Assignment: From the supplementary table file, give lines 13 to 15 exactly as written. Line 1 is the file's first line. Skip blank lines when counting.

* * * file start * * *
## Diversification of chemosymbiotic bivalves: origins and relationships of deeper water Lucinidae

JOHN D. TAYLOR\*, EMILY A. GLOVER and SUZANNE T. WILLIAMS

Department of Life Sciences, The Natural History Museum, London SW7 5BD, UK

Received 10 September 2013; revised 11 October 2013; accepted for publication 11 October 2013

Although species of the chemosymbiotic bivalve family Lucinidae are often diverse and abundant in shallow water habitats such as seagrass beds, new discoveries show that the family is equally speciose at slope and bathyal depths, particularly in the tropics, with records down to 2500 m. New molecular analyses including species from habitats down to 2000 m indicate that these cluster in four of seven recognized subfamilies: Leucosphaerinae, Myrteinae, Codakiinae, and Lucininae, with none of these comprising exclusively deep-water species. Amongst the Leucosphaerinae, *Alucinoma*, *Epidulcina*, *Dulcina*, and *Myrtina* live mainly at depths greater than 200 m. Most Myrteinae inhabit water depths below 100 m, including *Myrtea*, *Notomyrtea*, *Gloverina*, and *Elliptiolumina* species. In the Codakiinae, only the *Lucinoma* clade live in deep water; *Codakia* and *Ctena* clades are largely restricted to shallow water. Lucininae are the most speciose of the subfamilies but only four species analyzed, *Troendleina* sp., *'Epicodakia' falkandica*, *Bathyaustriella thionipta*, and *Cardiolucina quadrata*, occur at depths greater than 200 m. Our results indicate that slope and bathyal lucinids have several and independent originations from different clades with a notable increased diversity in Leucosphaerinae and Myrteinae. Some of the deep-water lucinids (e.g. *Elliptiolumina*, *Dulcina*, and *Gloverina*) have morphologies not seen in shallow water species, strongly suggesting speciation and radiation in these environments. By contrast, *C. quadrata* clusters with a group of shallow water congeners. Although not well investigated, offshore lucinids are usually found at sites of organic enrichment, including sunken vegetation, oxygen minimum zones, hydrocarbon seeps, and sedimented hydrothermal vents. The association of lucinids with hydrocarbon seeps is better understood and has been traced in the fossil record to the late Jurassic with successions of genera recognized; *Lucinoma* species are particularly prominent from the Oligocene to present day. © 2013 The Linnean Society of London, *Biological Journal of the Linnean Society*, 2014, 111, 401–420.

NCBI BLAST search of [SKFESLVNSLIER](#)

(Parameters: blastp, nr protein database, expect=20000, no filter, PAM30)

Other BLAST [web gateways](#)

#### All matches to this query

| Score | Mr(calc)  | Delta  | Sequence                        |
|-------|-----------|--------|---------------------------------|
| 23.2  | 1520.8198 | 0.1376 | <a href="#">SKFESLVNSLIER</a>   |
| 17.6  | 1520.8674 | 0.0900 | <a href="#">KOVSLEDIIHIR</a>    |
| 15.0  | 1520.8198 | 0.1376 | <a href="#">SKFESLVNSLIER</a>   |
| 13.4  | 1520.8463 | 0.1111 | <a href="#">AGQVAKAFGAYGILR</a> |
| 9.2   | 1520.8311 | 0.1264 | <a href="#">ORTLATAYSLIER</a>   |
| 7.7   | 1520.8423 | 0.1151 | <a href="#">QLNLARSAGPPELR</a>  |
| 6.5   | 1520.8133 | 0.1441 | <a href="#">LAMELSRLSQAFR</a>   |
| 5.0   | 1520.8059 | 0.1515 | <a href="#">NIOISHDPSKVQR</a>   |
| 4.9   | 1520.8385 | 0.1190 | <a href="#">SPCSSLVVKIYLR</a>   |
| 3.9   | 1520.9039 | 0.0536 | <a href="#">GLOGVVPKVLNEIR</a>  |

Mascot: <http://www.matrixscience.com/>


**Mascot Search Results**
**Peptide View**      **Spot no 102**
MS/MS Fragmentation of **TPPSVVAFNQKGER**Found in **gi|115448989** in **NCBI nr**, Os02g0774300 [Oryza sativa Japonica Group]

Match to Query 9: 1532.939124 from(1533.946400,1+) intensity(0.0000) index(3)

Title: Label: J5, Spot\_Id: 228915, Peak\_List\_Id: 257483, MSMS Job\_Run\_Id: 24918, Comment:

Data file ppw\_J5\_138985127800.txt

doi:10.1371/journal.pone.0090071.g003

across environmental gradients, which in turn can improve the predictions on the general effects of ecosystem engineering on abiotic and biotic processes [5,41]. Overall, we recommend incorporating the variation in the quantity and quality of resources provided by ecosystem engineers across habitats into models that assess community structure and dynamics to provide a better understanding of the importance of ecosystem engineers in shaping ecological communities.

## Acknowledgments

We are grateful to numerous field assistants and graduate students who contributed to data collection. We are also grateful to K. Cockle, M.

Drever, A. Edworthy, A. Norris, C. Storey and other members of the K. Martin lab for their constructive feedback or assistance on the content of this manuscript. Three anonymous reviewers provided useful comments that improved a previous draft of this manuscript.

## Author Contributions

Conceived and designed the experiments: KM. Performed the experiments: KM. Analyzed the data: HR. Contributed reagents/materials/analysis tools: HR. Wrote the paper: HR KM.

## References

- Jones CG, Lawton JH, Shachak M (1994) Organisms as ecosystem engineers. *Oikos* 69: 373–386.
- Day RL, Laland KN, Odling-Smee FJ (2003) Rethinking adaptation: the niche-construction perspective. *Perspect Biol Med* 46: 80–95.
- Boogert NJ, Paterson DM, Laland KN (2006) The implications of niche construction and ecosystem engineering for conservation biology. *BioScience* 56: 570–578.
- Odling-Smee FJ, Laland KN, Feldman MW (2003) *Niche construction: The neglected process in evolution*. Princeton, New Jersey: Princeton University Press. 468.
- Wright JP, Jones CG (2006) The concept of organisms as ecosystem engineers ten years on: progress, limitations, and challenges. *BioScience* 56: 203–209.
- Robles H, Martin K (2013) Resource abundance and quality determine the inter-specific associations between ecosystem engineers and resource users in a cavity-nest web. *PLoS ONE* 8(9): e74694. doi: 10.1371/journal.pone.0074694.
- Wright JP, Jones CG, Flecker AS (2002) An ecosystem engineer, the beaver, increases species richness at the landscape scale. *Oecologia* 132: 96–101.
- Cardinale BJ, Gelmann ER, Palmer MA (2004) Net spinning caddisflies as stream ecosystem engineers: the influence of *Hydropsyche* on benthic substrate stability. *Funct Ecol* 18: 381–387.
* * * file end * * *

| 17.6  | 1520.8674 | 0.0900 | <a href="#">KOVSLEDIIHIR</a>    |
| 15.0  | 1520.8198 | 0.1376 | <a href="#">SKFESLVNSLIER</a>   |
| 13.4  | 1520.8463 | 0.1111 | <a href="#">AGQVAKAFGAYGILR</a> |